Here is his web site: http://samvak.tripod.com/cv.html
New York's Premier Alternative Newspaper. Arts, Music, Food, Movies and Opinion
Dr. Vaknin lives in Skopje, Macedonia. Via email, we discussed what may well be the defining malady of our age.
Sam Vaknin is the world’s leading expert on narcissism. He’s also a narcissist himself. He was diagnosed with the illness in 1996 while serving a prison term in his native Israel. Before his imprisonment on fraud-related charges, Vaknin was an award-winning writer and an accomplished businessman. He is also well-educated, having earned a doctorate in philosophy from Pacific Western University in California.
Reality Macedonia : Detroit: Bush Attended Macedonian Kolede Celebration
George W. Bush, the President of U.S.A., climbed down from the stage to shake hands with Svetozar Stameski – Svetle, at the Kolede (Christmas) celebration organized in Detroit, in the area predominantly inhabited by Macedonians.
"By this act Bush bestowed great honor on Stameski, a Macedonian lobbyist and Republican Party member, but this also meant great honor for all Macedonians in attendance," stated for Dnevnik Petko Zafirovski, member of the Macedonian-American National Association.
American President thanked for the support during the presidential elections. Several members of the Association were invited at the meeting, with Stameski as special guest.
Salon.com Arts & Entertainment | Turn da music up!: "Turn da music up!
A brilliant remix of 2004's best hip-hop album, drunken elation from a Macedonian brass band and an intriguing tune from a latter-day U2 -- free."
"Cudna Zena," Kocani Orkestar, from "Alone at My Wedding"
The chaotic music made by Macedonian brass band Kocani Orkestar and other similar Gypsy Balkan brass bands, largely exposed to the world through the astonishing films of Emir Kusturica, is, for me, some of the most viscerally emotional in the world -- from frantic, crazed, drunken elation to tearful, almost inexpressibly deep (drunken) sadness. I've found three tracks of theirs for download, through the excellent Belgian label Crammed. "Usti Usti Baba" (free download) and "Mi Bori Sar Korani" (free download) include vocals. I prefer the unadulterated brass experience of "Cudna Zena." Free Download: "Cudna Zena"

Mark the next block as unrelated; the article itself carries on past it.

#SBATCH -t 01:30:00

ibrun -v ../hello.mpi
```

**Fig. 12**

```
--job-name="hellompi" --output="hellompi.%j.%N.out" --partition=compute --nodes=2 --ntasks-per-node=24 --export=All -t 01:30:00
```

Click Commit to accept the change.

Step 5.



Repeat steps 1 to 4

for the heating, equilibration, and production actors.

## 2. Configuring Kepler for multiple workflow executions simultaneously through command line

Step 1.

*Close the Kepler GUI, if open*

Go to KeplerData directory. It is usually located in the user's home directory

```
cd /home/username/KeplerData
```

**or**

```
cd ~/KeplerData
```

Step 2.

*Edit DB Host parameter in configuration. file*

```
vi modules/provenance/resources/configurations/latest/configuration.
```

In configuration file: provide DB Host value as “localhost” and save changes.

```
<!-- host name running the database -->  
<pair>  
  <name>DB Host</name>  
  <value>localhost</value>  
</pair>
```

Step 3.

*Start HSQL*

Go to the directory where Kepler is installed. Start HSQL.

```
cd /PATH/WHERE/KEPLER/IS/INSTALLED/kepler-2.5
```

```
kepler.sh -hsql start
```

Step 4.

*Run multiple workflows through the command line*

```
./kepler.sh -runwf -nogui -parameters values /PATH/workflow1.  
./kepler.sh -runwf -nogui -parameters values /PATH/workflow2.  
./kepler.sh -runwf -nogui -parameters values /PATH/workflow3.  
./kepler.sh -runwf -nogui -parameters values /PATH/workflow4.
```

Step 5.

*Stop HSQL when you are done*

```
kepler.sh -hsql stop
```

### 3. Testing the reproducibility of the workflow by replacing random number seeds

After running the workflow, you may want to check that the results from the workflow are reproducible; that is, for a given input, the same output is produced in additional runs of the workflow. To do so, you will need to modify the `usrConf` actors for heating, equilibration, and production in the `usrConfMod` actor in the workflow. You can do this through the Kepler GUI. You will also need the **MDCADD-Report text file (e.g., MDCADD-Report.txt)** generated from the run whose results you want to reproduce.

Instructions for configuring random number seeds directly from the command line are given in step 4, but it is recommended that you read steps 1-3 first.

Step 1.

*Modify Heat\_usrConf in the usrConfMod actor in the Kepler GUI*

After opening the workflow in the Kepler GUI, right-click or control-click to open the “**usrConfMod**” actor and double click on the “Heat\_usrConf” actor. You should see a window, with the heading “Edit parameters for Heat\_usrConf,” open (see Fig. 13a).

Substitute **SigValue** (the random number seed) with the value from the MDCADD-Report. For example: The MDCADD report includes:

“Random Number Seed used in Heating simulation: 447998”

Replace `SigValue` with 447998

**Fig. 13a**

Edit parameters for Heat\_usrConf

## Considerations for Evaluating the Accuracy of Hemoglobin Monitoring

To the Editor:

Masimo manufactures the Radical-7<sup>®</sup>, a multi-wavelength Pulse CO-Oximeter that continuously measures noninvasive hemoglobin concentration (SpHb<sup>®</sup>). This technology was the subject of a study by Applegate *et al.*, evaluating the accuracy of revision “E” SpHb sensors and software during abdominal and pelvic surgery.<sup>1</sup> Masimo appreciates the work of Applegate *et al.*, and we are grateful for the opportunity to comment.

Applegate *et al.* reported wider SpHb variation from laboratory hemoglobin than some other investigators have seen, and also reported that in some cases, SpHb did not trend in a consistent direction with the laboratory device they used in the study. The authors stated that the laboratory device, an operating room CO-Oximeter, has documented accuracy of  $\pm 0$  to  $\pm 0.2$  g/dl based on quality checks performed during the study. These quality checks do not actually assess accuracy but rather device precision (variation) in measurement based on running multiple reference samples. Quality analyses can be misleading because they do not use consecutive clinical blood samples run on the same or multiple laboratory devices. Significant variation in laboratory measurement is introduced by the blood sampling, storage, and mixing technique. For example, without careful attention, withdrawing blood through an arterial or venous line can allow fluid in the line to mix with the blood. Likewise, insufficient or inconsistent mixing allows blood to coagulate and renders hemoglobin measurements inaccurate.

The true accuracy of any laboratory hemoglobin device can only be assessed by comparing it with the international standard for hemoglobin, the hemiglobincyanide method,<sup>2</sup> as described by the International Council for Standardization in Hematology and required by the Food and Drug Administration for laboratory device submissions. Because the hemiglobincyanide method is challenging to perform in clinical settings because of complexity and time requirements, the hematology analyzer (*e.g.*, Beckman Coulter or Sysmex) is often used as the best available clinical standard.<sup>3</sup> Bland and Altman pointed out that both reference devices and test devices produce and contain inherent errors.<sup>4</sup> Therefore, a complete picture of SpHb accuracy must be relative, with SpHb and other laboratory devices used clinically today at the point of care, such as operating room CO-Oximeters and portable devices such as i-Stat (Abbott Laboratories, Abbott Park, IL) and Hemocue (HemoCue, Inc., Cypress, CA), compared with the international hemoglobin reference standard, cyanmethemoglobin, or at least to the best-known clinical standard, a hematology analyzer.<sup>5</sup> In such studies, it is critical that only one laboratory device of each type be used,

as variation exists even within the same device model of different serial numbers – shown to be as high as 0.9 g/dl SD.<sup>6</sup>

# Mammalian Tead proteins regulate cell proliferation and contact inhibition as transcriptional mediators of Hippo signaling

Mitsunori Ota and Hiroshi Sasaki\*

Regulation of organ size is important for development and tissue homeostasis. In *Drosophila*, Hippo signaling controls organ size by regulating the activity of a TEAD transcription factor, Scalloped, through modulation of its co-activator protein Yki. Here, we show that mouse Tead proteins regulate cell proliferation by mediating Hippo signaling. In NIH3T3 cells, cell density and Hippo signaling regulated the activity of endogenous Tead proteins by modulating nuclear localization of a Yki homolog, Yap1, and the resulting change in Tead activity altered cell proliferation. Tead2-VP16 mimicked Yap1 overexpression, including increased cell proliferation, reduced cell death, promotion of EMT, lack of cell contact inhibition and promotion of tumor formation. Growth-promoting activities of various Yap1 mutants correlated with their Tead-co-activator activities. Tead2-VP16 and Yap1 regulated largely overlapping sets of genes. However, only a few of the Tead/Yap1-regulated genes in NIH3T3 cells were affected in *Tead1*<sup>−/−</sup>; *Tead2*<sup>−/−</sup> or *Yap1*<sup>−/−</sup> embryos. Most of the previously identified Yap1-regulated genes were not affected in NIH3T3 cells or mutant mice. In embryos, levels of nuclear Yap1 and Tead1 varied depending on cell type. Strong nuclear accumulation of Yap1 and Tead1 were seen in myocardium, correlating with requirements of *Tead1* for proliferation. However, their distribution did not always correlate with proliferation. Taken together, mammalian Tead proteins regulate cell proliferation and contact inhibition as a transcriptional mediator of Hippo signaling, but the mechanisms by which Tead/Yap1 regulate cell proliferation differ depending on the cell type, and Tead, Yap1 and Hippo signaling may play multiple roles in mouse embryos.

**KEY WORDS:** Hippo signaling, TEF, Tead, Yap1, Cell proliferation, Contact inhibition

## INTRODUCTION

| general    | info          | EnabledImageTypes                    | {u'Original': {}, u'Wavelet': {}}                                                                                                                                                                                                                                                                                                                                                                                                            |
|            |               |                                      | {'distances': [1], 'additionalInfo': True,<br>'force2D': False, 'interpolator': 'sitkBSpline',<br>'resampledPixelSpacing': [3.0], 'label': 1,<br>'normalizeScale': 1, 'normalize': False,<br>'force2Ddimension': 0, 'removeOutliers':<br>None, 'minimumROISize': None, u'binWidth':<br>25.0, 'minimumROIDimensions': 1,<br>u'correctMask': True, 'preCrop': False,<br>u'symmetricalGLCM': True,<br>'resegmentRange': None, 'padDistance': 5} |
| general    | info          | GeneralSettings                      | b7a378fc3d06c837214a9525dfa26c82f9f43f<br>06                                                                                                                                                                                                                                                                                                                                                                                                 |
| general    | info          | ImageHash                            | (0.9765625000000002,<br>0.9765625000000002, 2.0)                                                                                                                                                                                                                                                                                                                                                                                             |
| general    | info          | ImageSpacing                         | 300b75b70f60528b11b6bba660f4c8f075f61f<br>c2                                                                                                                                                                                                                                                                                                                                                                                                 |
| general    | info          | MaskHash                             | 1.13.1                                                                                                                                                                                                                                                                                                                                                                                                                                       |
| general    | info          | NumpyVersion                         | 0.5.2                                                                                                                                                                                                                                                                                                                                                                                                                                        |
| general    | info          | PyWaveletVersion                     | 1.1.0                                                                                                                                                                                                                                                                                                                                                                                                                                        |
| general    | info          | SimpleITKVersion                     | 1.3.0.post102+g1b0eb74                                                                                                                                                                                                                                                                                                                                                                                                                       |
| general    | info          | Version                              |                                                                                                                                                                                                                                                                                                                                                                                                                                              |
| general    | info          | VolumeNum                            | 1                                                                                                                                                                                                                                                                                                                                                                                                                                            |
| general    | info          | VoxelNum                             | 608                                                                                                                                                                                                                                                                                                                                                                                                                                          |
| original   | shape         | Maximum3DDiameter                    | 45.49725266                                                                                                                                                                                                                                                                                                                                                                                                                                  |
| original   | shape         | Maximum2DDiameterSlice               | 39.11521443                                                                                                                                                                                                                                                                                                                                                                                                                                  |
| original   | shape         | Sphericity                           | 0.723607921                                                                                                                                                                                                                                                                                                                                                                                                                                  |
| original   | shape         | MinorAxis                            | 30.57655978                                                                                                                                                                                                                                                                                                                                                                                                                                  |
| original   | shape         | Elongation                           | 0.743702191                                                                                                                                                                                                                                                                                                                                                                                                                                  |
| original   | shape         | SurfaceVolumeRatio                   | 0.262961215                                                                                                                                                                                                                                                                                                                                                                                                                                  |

Yahoo! News - 'Cover' blows the lid off life in the CIA
But once on the job as a diplomat in Skopje, Macedonia, part of the former Yugoslavia, Moran is vexed to learn that being a spy is less like an episode of Alias and more like The Office. Her newly honed paramilitary skills are unsuited for the work, which mostly entails paying suspect people for dubious state secrets, then returning to the office to file the receipts.
Large as it is, it comes less than a year after the couple pledged $20-million, spread over 10 years, to War Child Canada, which helps children living in battle zones. In 1998, the Pindoffs gave $5-million to the Red Cross to help people injured by land mines. A few years earlier, they paid to build orphanages and seniors homes in the former Yugoslavia, and to feed 20,000 Bulgarians after the fall of the Soviet Union.
Clearly, the Pindoffs have come to know wealth in the 35 years since they founded the Music World record-store chain.
Before that, they knew only hard work and doing without, and if there were sleepless nights, the causes were closer to home.
Born in Macedonia in 1915, Mr. Pindoff grew up in Bulgaria, the eldest of four siblings. When he was 15, his father, a builder, died in a fall, so he had to quit school and work to support the family.
Monday, January 10, 2005
He who pays the piper calls the tunes.
Institute for War and Peace Reporting
The constraints start with quotas set on the import of key agricultural products, such as wine, fish and veal, all of which negatively effect farmers in the western Balkans.
For example, wine is one of Macedonia’s major exports. Its vineyards produce around 1,5 million hectolitres of wine each year and – according to local experts - have the potential to export around 500,000 hectolitres to the EU.
But the potential has not been realised, thanks to an EU annual quota of 300,000 hectolitres from Macedonia.
Tuesday, January 04, 2005
MaNGO online: "Sheila Fruman"
“We are happy to support MOST in promoting the Code because it is important that citizens understand the commitment the parties have made to them to conduct the campaign in a way that promotes free and fair democratic elections,” added NDI Country Director Sheila Fruman. “The goal is to have an election that is without fear of violence, coercion or intimidation,” she said.
Milestones and Footnotes
By Nikos Konstandaras - Kathimerini English Edition